In the mid South Atlantic lie the three small volcanic islands which make up Tristan Da Cunha. The community which live there must be amongst the remotest in the world. St Helena lies some 1500 miles to the NNE, the Cape of Good Hope can only be reached by voyaging westwards for some 2000 miles whilst Cape Horn at the tip of South America lies more than 4000 miles to the South West.
The main island of Tristan covers an area of about 16 square miles with a snow capped volcanic peak of more than 7600 feet its centre. The other two members of the group, Inaccessible Island and the smaller Nightingale Island, lie some distance away. Around 300 people live on Tristan today but the two other islands have never really been permanently inhabited.
The group is named after the Portuguese Admiral Tristan da Cunha who discovered them in 1506. Over the following centuries they were occasionally visited by passing ships and although a few people did attempt to live on the islands at various times, they were not permanently inhabited until after 1809. Soon afterwards, an American named Lambert tried to claim sovereignty over the group but was drowned in an accident a few years later. Britain’s long involvement with the islands came about after American raiders used the islands as a base to prey on British ships during the Anglo-American War of 1812-1814. The defeat of Napoleon at the Battle of Waterloo and his subsequent exile to the south Atlantic island of St Helena also encouraged British interest. Although Tristan da Cunha was very distant from St Helena there was a worry in some quarters that the island might be used as a base in any attempt to free Napoleon. In order to be safe rather than sorry, British authorities decided to annexe the islands and a formal declaration of annexation was made in August 1816; afterwards a small garrison was maintained on Tristan until after the death of Napoleon in 1821.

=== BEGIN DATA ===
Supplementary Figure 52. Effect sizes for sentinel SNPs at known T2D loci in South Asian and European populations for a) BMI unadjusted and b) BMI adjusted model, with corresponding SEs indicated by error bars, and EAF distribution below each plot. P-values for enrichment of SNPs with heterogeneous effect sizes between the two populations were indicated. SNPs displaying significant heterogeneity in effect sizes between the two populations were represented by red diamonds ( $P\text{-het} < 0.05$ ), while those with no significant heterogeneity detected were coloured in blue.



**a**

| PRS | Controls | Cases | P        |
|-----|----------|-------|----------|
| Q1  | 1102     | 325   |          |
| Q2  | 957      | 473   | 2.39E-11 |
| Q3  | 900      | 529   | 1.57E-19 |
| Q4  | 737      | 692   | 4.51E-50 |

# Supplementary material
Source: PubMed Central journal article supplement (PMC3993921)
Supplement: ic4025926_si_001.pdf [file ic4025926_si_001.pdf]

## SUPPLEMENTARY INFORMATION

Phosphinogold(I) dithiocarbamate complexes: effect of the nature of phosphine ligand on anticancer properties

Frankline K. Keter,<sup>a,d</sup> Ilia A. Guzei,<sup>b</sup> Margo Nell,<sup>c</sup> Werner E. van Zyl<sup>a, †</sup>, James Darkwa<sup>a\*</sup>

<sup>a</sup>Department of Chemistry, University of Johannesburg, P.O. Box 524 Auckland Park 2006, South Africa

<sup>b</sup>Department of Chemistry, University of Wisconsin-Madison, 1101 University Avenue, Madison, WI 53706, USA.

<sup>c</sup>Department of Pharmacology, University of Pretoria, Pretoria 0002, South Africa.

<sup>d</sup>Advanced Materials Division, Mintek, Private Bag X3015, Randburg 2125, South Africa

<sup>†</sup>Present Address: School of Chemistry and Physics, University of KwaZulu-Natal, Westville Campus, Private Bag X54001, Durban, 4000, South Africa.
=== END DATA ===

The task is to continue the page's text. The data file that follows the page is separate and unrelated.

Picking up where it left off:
During this time a Scotsman from Kelso by the name of William Glass, who had been a corporal of the artillery, obtained leave to stay on the island with Maria, his Cape Coloured wife, and their two children. A few other men also made their home on the island during the following years and, when the last of the garrison was taken by warship to St Helena in 1821 two of the vessel’s seamens, a John Mooney and Alexander Cotton, were impressed by the islands and sought permission from Sir George Cockburn, Chief of the Naval Squadron at St Helena, to return to Tristan and settle. Cockburn agreed and Cotton and Mooney were dropped off a little later that year by the frigate, Satellite, en route for the East Indies. Another early settler was Thomas Hill Swain from Hastings who is sometimes said to be the sailor who caught Lord Nelson in his arms as he fell, mortally wounded, on to the deck of HMS Victory at Trafalgar. Whatever the truth of this, Swain was to live on the island until his death at the age of 102.